Serious Nonsense

Groundhog Lodges, Versammlinge, and Pennsylvania German Heritage

By (author) William W. Donner

Paperback - £23.95

Publication date:

15 May 2016

Length of book:

208 pages

Publisher

Penn State University Press

ISBN-13: 9780271071183

Versammlinge—community events filled with songs, performances, speeches, and skits that celebrate Pennsylvania German heritage and culture—are held entirely in the Pennsylvania German Deitsch language. Some, the “groundhog lodges,” feature a ceremony honoring the groundhog, while others do not. These unique meetings, expressions of a distinctive ethnic identity in the context of a rapidly changing society, have become a traditional mainstay among Pennsylvania Germans who have worked to preserve their language and culture into the twenty-first century.

Serious Nonsense introduces readers to Pennsylvania German cultural practices that tourists rarely see and that outsiders, including most scholars, rarely learn about. The book explores the origins of the versammlinge and details the practice’s significance since the 1930s, when the first meetings of the Pennsylvania German groundhog lodges were held. Much as they did then, versammlinge today follow a pattern of prayers, patriotism, and speeches extolling values associated with Pennsylvania German identity, as well as theatrical and oral events that humorously contrast a simpler past with a more complex and confusing present. And the groundhog lodges feature one Pennsylvania German tradition that has become familiar in popular culture: groundhog weather prognostication.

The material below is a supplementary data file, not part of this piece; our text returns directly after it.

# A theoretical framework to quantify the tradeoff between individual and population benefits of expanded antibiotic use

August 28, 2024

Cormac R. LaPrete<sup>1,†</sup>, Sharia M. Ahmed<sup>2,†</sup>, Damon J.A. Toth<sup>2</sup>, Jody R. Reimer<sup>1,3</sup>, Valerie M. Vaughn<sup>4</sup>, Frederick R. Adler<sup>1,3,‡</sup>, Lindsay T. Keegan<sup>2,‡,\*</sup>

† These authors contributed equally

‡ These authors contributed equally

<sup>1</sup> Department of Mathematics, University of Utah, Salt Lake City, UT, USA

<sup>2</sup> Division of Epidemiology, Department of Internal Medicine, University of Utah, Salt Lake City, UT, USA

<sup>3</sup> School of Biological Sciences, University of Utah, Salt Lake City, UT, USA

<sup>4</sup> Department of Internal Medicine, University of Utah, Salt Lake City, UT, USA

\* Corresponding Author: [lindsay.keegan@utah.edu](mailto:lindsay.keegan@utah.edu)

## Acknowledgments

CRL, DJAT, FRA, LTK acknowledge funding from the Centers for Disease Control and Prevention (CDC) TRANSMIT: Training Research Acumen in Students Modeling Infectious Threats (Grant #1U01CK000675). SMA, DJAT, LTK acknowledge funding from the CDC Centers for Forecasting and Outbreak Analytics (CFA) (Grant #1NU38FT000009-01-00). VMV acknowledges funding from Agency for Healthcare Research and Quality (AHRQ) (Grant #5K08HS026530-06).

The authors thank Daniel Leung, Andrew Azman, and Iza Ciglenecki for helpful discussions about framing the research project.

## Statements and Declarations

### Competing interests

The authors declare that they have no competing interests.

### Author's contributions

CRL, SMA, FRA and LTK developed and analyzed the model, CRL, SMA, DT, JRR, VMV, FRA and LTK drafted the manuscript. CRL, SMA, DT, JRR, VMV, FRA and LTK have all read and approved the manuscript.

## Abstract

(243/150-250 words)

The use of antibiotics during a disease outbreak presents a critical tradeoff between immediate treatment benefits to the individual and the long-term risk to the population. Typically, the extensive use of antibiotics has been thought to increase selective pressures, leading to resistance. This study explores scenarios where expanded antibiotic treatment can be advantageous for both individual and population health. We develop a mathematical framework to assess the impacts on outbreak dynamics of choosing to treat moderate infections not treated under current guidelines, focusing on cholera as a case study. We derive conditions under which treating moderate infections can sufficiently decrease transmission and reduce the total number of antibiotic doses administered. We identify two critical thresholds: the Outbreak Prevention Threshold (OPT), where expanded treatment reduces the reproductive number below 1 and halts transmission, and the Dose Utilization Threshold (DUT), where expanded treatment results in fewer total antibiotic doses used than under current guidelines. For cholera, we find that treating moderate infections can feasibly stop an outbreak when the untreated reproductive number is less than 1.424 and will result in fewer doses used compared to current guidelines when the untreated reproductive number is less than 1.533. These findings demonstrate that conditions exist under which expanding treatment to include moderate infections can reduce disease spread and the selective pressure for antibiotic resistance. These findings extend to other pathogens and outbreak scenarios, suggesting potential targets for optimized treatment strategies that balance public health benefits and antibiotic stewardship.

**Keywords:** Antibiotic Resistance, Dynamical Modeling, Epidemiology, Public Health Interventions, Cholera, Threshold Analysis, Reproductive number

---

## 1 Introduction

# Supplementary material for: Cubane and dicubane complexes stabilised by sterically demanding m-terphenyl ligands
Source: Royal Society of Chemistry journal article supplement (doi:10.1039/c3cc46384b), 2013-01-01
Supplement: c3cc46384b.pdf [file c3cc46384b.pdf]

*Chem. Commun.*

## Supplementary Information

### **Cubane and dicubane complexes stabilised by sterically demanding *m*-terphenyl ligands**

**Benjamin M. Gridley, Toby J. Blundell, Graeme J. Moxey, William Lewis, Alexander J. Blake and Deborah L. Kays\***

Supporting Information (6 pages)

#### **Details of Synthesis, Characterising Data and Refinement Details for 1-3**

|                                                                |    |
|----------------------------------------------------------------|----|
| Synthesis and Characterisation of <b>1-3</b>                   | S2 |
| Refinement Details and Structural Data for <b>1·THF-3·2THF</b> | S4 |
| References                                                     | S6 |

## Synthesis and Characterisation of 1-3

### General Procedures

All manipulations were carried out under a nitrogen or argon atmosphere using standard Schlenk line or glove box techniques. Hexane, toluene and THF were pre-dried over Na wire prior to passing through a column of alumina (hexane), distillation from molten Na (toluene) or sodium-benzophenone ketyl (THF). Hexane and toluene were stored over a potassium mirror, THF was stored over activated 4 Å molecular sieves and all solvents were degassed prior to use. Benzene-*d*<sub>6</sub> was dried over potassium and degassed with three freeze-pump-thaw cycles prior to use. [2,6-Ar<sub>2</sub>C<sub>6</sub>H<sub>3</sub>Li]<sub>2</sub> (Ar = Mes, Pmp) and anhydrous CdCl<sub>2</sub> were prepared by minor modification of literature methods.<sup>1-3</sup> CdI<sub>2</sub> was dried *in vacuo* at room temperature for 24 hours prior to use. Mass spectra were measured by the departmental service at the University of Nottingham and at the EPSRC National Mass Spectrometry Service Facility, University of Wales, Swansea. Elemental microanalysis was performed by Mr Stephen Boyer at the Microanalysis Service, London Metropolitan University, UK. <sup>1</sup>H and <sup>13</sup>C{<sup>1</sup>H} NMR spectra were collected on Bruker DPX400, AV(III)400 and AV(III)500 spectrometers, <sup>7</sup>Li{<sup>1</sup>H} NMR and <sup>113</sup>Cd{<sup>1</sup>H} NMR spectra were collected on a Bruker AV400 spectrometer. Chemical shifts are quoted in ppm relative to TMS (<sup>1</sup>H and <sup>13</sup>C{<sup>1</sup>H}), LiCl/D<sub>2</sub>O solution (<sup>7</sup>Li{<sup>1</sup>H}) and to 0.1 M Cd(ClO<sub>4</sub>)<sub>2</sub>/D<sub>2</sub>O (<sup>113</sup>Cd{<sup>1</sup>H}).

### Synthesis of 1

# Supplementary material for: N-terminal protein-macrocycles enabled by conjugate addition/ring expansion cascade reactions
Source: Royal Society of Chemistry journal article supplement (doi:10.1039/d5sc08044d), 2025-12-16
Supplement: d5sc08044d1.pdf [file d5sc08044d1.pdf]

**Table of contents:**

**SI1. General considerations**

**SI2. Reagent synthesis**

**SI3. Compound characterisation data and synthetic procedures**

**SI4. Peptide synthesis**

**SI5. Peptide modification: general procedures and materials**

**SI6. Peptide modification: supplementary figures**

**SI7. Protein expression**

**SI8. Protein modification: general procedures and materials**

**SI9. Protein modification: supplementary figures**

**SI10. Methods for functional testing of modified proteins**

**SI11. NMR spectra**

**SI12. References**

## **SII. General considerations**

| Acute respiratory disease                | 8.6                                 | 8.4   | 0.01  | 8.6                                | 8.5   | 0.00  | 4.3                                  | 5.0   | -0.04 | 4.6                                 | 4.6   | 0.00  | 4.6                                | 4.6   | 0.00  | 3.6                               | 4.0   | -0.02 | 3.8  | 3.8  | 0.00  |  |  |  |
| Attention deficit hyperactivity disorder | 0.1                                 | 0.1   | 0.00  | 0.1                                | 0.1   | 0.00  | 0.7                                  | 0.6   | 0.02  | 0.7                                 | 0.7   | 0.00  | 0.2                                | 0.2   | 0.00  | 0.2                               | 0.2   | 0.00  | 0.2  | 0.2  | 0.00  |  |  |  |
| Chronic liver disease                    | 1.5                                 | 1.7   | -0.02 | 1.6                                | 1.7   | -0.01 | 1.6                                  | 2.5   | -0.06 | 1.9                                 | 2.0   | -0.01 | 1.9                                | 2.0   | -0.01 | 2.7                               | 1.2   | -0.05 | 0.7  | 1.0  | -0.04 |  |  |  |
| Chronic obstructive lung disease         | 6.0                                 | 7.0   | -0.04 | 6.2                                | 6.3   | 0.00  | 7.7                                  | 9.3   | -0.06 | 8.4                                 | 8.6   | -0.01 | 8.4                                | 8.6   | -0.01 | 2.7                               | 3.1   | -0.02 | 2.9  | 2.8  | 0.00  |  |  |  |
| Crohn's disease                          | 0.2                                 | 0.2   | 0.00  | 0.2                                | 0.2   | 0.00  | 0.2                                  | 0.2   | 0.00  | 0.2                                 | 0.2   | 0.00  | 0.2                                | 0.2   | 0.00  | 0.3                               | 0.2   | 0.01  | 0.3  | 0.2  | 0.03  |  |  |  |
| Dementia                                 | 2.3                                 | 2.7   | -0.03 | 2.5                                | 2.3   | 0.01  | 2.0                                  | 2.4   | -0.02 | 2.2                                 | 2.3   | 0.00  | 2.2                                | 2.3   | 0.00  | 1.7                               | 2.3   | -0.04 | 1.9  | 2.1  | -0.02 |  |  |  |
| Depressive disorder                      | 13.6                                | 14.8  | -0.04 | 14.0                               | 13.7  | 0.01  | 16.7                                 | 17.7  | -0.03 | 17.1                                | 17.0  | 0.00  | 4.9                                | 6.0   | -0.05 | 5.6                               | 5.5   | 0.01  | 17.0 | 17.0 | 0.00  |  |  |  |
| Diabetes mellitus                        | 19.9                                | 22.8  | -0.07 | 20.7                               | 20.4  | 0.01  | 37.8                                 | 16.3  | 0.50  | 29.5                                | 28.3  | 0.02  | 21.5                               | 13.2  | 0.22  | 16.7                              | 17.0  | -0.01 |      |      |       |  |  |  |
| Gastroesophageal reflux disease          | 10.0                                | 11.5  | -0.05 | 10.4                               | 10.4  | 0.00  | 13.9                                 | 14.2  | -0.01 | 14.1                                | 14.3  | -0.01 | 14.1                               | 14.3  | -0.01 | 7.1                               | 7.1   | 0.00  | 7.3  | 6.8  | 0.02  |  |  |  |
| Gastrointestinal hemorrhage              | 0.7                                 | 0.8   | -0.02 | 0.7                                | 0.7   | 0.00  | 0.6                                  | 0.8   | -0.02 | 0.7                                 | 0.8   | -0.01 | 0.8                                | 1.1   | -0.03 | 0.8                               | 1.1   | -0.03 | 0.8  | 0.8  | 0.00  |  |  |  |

“My German grandmother, living in the Rhine valley, used to say, ‘If the badger sees his shadow on Candlemas Day (February 2), winter is going to stay for another six weeks. If not, there will be an early spring.’ This old Palatine country saying, which helped local farmers predict the weather, is nearly forgotten today. In Germany, only a few people know that this belief has been transplanted to Pennsylvania, where the groundhog has replaced the badger, and that a few thousand Pennsylvania Germans still use the old lore as a background to the celebration of their heritage and language every February. That is the story Bill Donner tells. This book will be a standard reference for researchers and for Americans with a Pennsylvania German background. And even in Germany—especially in the Palatinate—people will be interested in learning how this part of their local culture has been ‘Americanized’ over the years.”

—Michael Werner, publisher, Hiwwe wie Driwwe